This song is really of a profession of faith, especially during the gift-giving season from Christmas to the Epiphany which are the 12 days.
It uses symbolic language. Symbols are meant to point to something else and often to several things. They are meant to be hidden so that only initiates can understand them. This song hides its true meaning very well but it allows you to see as much as you are prepared to see. The better you know and understand your faith, the more you will see in it. Though the meaning with which I am familiar is not the only one, I think it may help us understand it better.
A secret code
When the early Christians were being persecuted, they developed secret codes by which they would recognize one another. For example, the fish was used as a symbol of Christ when the use of the actual word "Christ" to the wrong person could have meant instant death.
After the Protestant Reformation in England, Catholics were forbidden to practise Catholicism. So like the early Christians, they developed secret codes so they could express and convey their beliefs to one another without the enemy realizing that they were Catholics. Singing this song may have been to them like the Creed is today, only expressed in a more whimsical manner.
The "true love" in the song is God and the speaker is an ordinary Christian. The mention of a new gift followed by the repetition of every previous gift shows how God continues to bestow previous gifts while adding new gifts.
The first gift is "a partridge in a pear tree." In the Middle Ages, the mother partridge was considered a symbol of Christ because she will give her life to save her young. The "tree" is a symbol of Adam eating the forbidden fruit but especially of Christ's death on the tree of the cross.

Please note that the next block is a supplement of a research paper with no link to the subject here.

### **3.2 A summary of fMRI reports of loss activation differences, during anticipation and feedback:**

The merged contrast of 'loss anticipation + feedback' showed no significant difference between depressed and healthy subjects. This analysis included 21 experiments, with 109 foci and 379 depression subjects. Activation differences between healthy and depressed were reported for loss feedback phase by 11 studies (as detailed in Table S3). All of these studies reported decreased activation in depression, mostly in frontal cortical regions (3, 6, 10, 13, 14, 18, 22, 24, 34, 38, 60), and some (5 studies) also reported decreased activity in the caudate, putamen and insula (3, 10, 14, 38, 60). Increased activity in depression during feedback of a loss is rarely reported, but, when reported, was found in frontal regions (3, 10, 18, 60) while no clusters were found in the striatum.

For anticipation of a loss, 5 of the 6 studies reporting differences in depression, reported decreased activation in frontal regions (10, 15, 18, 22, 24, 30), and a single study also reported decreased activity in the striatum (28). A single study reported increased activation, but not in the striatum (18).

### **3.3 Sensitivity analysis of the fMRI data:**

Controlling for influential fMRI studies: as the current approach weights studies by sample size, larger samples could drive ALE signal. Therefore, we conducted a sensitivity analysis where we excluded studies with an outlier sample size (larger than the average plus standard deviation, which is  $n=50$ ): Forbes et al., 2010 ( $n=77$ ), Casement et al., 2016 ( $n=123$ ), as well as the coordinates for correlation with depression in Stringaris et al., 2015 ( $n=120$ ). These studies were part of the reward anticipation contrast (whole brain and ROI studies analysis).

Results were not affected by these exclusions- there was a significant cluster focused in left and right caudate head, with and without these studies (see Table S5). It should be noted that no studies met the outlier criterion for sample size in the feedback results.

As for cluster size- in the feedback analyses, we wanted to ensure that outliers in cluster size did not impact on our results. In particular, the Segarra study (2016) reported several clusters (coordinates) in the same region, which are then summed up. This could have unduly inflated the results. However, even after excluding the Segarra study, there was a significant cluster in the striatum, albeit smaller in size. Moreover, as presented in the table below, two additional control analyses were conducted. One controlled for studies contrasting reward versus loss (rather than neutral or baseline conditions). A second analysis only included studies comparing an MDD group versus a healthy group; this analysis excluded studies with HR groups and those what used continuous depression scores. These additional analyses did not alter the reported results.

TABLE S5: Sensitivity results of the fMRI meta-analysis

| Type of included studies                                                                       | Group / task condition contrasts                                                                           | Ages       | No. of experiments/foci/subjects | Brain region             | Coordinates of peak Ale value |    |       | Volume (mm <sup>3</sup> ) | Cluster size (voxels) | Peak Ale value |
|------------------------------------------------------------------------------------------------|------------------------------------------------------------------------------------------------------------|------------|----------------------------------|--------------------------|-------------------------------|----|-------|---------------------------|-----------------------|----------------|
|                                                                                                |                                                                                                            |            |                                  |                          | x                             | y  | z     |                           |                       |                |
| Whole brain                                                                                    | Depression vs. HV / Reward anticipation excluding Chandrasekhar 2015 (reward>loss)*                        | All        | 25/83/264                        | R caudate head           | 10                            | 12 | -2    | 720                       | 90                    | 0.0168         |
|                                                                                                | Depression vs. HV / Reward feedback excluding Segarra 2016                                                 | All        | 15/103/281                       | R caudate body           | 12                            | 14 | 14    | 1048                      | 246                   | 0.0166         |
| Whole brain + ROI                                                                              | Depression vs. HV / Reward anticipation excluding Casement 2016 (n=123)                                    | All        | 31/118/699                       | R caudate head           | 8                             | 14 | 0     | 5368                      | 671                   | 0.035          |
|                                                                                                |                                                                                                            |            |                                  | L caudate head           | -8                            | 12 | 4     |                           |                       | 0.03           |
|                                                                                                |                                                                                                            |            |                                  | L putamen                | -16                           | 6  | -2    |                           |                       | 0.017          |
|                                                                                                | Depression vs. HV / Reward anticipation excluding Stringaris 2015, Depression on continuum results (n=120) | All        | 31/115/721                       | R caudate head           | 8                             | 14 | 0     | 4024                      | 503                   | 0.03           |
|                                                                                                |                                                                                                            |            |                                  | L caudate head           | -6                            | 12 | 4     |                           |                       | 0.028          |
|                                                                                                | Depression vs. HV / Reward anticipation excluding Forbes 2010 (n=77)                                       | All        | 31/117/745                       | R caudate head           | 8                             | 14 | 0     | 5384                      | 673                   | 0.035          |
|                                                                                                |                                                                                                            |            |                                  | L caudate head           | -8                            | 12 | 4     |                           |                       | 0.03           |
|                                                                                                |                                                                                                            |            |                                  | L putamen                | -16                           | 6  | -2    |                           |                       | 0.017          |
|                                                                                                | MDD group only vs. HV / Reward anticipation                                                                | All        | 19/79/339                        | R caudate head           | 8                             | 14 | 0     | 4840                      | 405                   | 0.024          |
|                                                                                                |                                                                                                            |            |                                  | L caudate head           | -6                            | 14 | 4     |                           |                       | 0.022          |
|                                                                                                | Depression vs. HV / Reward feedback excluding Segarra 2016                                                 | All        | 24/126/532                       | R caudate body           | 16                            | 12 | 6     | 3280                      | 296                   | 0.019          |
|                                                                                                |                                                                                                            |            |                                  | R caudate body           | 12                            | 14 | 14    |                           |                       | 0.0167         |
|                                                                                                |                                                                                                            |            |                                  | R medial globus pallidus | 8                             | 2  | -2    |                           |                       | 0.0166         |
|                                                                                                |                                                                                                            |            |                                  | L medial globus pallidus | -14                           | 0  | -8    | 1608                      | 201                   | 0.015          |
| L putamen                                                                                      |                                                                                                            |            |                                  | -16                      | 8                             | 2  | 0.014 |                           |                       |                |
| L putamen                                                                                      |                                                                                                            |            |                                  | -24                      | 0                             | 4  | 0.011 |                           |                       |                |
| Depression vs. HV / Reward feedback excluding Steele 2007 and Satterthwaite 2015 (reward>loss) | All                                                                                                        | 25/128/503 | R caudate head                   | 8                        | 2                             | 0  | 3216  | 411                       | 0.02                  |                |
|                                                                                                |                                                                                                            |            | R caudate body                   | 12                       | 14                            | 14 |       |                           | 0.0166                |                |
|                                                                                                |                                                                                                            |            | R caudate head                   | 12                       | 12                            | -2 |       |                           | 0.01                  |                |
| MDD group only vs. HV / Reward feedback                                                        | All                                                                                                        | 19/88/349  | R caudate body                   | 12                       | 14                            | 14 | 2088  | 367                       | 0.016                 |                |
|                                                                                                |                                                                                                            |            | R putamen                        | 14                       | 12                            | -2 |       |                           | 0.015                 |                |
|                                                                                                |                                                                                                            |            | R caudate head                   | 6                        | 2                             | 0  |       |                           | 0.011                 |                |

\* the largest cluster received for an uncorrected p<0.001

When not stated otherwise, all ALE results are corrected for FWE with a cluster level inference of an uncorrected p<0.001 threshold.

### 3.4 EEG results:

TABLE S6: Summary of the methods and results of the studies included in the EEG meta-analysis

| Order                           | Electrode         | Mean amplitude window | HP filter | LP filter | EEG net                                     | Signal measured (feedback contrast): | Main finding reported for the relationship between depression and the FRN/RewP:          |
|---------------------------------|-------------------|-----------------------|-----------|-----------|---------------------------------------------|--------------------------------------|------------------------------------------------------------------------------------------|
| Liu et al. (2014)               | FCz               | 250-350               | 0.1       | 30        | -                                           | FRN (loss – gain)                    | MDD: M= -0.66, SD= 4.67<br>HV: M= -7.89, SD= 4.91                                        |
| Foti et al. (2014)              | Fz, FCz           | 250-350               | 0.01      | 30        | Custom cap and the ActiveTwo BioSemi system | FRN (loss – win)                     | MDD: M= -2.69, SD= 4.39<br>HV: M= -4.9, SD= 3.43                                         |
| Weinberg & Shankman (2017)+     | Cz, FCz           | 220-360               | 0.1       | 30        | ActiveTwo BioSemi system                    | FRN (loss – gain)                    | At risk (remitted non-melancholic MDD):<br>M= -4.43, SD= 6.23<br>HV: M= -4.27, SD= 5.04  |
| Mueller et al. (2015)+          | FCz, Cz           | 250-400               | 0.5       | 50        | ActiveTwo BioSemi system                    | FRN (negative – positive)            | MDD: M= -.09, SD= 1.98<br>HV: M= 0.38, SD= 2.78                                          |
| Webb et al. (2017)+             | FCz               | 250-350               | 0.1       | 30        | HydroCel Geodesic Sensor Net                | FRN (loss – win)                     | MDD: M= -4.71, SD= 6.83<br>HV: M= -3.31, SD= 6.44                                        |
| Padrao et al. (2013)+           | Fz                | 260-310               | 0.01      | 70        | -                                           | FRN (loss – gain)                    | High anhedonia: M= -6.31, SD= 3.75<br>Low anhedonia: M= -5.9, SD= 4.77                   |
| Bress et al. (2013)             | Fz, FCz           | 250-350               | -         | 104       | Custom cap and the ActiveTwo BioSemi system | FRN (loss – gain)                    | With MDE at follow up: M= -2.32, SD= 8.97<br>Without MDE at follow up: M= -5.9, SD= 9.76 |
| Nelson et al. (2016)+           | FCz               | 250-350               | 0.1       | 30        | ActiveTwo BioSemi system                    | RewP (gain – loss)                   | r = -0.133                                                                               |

For "two turtle doves," the obvious meaning is the offering of two doves which Mary and Joseph made at presentation of the Child Jesus in the Temple. They could also stand for the two Testaments of the Bible.
"Three French hens" which are highly valued but costly represent the three gifts of the wise men to Jesus. They could also depict the three prime or highly valued virtues of faith, hope and charity. "Four calling birds" could refer to the four Gospels and the four major prophets of the Old Testament.
The productive but ungainly "six geese a-laying" suggest the six days of creation, the stage of our everyday, "ungainly" activities. The elegant "seven swans a-swimming" sound like the seven gifts of the Spirit, elegant or heavenly in contrast to ungainly creation. They could also represent the seven works of mercy.
The "eight maids a-milking" provide nourishment as do the eight beatitudes and the eight times a year English Catholics were required to receive Communion. "Nine ladies dancing" could refer to the nine choirs of angels or the fruits of the Spirit (Galatians 5:22-23) while "10 lords a-leaping" suggest the Ten Commandments.
The "11 pipers piping" could be the 11 disciples boldly proclaiming Jesus after the Resurrection. The "12 drummers drumming" could be the Old Testament's 12 minor prophets, speaking for God. They may refer also to the 12 points of belief in the Apostles' Creed or the 12 gates of Jerusalem.
You may have noticed that I omitted the "five golden rings." These are the only static, lifeless symbols and special attention is given to them by the music. Only here is the 4/4 rhythm of the opening, as well as the Christ symbol repeated, thus giving the rings special significance. The rings may represent the first five books of the Bible, the Law which was fulfilled by Christ or they may refer to the five obligatory sacraments for Catholics.
Keep the faith
However, they may have an overall deeper meaning, hence the extra attention. Faith is as precious as a golden ring. But like a ring, if stressed or compressed, can lose its perfect circular shape, so too can faith. This was obviously of great concern to persecuted Catholics in England who were being forced to compromise with their faith. Today, compromising our Christian beliefs in a multicultural and consumer society is as great a danger as it was for English Catholics.
Think about this Christmas carol which we have neglected because it does sound strange and you may come up with several aspects of the Christian faith which these symbols represent. And you may see ways to better appreciate and better care for this great gift of faith.